WASHINGTON — The top U.S. commander in the Middle East signaled Thursday that there will be a larger and longer American military presence in Syria to accelerate the fight against the Islamic State group and quell friction within the complicated mix of warring factions there.
Gen. Joseph Votel, head of U.S. Central Command, told senators Thursday that he will need more conventional U.S. forces to insure stability once the fight to defeat Islamic State militants in their self-declared capital of Raqqa is over. The U.S. military, he said, can't just leave once the fight is over because the Syrians will need help keeping IS out and ensuring the peaceful transition to local control.
Votel's testimony to the Senate Armed Services Committee comes as up to 400 U.S. forces have moved into Syria in recent days. Well more than half of those are Marines, bringing in large artillery guns for the Raqqa fight, and the rest are Army Rangers who went into northern Syria to tamp down skirmishes between Turkish and Syrian forces near the border. The numbers have been fluctuating, often on a daily basis, as troops move in and out.
"I think as we move towards the latter part of these operations into more of the stability and other aspects of the operations, we will see more conventional forces requirements," Votel said. Until recently, the U.S. military presence in Syria was made up of special operations forces advising and assisting the U.S.-backed Syrian troops.
It will be critical, Votel said, to get humanitarian aid, basic working services and good local leaders in place in Raqqa so that businesses can return and the city can move on.
He also told senators that the U.S. is looking for options to ease the tensions with Turkey over the plan to use U.S.-backed Syrian Kurds in the fight to oust Islamic State fighters from Raqqa. But he offered no details on what those options could be.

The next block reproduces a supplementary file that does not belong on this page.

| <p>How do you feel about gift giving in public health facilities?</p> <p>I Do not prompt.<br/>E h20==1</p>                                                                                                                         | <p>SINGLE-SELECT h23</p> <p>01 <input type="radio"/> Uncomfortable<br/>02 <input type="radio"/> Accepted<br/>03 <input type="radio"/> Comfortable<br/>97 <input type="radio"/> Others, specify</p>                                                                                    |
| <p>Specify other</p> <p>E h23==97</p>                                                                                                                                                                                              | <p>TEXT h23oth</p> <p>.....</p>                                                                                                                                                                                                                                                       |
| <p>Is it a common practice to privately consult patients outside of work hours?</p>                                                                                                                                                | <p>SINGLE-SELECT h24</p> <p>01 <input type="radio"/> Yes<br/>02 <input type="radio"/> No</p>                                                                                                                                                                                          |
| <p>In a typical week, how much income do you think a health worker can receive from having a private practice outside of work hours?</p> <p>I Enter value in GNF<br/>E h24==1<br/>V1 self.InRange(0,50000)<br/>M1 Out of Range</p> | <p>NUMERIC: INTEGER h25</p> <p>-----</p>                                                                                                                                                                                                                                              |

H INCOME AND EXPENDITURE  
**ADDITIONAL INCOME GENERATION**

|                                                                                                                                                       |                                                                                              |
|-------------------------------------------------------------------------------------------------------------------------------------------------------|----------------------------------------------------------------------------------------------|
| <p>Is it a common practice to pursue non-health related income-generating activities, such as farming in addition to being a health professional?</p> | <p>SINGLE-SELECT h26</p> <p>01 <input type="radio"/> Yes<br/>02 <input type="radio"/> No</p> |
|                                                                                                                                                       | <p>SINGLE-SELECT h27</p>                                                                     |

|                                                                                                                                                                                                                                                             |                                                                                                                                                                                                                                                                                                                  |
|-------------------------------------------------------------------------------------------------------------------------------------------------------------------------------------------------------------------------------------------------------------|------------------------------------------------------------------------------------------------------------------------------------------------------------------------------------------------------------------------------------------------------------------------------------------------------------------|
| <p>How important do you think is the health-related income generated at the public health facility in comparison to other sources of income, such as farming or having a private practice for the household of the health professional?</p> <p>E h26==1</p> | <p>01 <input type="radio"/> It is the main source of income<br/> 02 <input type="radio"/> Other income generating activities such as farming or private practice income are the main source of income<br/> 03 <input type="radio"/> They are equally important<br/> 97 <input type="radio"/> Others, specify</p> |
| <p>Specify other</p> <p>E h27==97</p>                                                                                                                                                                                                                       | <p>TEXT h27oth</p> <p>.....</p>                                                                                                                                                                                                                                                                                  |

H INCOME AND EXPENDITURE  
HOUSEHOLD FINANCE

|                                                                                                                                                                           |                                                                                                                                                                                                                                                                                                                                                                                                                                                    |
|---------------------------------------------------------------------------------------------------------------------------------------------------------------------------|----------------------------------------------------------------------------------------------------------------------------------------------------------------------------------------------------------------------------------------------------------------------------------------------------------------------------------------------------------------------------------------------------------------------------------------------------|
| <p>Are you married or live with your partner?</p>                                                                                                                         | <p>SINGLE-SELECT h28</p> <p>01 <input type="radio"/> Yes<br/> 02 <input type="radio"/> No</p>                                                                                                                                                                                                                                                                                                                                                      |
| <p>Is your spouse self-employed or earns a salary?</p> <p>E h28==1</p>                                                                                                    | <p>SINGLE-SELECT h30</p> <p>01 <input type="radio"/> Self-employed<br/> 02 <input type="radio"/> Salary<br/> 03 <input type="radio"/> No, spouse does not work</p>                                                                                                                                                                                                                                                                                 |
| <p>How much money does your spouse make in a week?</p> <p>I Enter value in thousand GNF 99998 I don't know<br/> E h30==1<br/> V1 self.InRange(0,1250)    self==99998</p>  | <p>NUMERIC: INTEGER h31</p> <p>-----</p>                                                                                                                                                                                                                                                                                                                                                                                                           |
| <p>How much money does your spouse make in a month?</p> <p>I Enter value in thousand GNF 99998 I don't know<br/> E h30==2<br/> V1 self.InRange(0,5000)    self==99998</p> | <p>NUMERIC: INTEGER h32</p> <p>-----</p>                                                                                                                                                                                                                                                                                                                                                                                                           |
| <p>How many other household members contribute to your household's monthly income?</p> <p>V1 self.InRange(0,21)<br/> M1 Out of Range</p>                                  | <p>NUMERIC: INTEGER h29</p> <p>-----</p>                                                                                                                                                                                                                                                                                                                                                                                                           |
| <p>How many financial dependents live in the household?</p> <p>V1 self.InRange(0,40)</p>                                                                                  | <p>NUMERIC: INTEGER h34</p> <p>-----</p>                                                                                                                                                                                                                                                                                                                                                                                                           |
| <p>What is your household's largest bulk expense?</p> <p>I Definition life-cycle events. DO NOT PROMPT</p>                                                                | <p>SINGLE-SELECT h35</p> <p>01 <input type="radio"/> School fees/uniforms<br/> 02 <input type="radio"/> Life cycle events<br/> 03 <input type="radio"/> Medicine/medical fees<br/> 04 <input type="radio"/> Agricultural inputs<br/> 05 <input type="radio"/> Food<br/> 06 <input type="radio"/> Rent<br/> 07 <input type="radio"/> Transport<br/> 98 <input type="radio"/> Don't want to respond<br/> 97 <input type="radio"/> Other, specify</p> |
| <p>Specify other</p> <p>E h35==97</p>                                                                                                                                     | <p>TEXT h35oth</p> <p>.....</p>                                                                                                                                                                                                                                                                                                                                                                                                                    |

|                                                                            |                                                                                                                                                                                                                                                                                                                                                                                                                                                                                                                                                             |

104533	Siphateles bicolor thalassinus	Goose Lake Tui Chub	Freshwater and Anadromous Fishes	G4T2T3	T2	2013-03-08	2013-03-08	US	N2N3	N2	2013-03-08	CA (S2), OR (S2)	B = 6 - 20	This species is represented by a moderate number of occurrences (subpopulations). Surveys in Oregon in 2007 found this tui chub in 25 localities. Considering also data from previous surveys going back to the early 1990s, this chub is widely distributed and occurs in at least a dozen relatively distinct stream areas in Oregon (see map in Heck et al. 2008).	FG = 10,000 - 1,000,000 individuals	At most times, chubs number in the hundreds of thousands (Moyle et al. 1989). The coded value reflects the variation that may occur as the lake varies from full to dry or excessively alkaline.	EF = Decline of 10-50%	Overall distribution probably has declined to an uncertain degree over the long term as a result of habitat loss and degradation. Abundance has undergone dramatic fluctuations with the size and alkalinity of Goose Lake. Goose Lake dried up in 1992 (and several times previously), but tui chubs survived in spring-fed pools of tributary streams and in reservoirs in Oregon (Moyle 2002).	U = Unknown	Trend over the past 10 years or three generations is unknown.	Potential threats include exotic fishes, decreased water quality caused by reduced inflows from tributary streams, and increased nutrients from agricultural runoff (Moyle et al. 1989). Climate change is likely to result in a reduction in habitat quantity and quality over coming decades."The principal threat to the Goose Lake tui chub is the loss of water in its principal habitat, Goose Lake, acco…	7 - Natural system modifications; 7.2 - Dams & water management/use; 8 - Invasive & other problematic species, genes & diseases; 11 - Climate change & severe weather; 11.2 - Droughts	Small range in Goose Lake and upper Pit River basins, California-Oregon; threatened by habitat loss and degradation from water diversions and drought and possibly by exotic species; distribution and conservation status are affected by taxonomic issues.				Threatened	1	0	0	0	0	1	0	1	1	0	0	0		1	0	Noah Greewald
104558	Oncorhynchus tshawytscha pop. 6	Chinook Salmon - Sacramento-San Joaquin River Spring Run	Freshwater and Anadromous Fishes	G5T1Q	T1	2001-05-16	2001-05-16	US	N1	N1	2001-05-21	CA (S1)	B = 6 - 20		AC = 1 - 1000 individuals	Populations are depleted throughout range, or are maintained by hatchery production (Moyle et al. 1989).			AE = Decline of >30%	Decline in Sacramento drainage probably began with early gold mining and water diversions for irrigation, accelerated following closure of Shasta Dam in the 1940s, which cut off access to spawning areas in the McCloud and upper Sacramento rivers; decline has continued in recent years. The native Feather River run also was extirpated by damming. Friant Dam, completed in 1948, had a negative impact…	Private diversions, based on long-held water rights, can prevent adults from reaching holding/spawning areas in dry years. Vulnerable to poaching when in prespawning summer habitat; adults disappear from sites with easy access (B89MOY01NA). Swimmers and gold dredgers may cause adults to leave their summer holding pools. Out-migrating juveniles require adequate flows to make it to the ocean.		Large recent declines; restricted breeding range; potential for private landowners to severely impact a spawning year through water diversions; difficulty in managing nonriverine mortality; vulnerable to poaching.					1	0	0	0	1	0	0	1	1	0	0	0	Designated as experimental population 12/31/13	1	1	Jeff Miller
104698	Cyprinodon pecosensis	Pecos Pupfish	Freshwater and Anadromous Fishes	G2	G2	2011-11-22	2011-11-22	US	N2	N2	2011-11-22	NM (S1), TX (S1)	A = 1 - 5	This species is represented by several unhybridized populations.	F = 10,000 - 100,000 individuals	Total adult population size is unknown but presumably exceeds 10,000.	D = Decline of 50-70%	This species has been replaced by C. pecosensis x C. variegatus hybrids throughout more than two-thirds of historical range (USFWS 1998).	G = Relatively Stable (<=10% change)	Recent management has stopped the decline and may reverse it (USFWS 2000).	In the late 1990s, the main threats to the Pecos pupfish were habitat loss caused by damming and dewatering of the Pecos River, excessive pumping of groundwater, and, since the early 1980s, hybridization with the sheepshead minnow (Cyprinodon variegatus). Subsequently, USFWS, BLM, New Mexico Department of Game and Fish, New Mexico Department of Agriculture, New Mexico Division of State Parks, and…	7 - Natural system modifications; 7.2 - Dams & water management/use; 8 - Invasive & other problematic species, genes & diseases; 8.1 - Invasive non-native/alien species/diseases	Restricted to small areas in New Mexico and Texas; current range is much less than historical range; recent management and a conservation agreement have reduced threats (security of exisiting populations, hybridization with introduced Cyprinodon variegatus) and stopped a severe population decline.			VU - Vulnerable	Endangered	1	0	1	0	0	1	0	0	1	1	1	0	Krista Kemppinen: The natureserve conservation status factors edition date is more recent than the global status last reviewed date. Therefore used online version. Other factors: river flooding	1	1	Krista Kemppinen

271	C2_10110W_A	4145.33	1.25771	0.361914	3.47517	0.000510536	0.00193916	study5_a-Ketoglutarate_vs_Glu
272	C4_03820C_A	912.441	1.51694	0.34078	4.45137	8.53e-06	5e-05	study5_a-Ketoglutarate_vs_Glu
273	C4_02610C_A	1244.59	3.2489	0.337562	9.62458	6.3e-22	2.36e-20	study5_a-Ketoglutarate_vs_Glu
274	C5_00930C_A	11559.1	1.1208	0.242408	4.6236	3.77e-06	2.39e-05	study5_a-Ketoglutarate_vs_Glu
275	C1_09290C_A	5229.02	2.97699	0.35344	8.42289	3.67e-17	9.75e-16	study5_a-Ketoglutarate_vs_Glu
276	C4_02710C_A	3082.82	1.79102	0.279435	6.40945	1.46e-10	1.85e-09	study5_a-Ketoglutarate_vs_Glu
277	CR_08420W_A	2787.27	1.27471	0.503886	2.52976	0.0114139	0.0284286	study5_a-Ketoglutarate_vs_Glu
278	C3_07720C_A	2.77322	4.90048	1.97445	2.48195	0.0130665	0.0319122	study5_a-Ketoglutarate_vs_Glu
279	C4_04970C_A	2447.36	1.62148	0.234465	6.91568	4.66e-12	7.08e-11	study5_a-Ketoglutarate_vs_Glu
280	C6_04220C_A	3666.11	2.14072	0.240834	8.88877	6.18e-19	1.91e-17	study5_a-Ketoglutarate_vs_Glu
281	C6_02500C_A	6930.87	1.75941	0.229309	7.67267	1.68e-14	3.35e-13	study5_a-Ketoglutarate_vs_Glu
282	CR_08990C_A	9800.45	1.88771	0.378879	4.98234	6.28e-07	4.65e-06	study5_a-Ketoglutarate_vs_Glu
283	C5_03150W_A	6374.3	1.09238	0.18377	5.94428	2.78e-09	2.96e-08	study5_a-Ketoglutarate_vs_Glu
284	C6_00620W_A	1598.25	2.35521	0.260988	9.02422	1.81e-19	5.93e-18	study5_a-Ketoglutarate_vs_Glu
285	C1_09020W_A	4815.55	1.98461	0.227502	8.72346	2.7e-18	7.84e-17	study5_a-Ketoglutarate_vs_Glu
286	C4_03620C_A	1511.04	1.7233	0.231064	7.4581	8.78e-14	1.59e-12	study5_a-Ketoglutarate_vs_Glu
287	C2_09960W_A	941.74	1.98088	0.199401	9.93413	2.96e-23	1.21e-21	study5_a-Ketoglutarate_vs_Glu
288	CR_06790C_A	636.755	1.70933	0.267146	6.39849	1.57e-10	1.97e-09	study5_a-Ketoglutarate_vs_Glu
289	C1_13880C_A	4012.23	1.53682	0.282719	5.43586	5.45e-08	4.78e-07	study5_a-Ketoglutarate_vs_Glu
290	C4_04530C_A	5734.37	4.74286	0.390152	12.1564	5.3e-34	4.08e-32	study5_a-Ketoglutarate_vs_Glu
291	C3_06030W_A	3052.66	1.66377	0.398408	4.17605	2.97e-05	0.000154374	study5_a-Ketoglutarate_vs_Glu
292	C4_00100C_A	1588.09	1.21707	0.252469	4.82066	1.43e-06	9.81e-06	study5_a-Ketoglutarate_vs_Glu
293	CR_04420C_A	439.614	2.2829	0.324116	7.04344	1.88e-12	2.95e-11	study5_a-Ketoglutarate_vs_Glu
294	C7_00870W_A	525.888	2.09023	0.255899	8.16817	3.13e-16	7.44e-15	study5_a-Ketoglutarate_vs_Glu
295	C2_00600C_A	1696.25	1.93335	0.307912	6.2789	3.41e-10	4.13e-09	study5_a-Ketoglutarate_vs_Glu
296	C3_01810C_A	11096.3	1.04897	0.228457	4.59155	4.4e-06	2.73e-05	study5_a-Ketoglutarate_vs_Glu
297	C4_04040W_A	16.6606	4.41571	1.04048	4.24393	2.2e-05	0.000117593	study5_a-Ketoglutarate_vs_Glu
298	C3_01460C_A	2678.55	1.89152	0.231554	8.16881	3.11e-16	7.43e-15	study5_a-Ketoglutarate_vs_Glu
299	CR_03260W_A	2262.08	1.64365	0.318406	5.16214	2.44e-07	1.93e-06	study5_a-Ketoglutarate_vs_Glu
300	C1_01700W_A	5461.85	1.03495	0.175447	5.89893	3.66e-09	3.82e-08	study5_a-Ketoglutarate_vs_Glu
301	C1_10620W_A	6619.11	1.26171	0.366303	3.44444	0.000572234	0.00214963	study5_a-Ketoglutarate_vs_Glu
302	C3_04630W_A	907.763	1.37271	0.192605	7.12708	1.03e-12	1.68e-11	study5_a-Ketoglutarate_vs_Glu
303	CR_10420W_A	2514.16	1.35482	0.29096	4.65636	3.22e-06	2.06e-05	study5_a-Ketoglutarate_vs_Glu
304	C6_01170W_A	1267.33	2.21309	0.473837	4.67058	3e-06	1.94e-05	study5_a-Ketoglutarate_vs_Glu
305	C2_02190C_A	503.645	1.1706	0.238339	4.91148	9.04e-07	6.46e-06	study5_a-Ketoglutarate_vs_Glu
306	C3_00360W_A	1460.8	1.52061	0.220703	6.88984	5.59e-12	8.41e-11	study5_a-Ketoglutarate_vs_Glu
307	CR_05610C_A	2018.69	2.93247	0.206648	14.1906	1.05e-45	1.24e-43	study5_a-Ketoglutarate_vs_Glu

The U.S. is considering arming the Syrian Kurdish forces, which the Pentagon considers the most effective fighters against IS militants in northern and eastern Syria. But Turkey, a key NATO ally, considers the Syrian force, known as the YPG, a terrorist organization. Turkey wants to work with other Syrian opposition fighters known as the Free Syrian Army to liberate Raqqa.
Pentagon leaders sent a new plan to defeat IS to the White House late last month that included a variety of options for the ongoing fight in Iraq and Syria. The White House hasn't yet approved the plans, but the recent deployments into Syria suggest that President Donald Trump may be leaning toward giving the Pentagon greater flexibility to make routine combat decisions in the IS fight.
Military commanders frustrated by what they considered micromanagement under the previous administration have argued for greater freedom to make daily decisions on how best to fight the enemy.
In separate comments, Votel also reaffirmed that more American forces are needed in Afghanistan, a point the top U.S. commander in that country made to Congress several weeks ago. Votel agreed that the fight against the Taliban is in a stalemate, and said "it will involve additional forces" to ensure the U.S. can better advise and assist the Afghan forces.
U.S. Gen. John Nicholson, the top American commander in Afghanistan, told the Senate Armed Services Committee last month that he needs a few thousand more troops to help end the stalemate there. And Defense Secretary Jim Mattis said in recent weeks that he will make decisions soon on whether to recommend an increase in the U.S. force.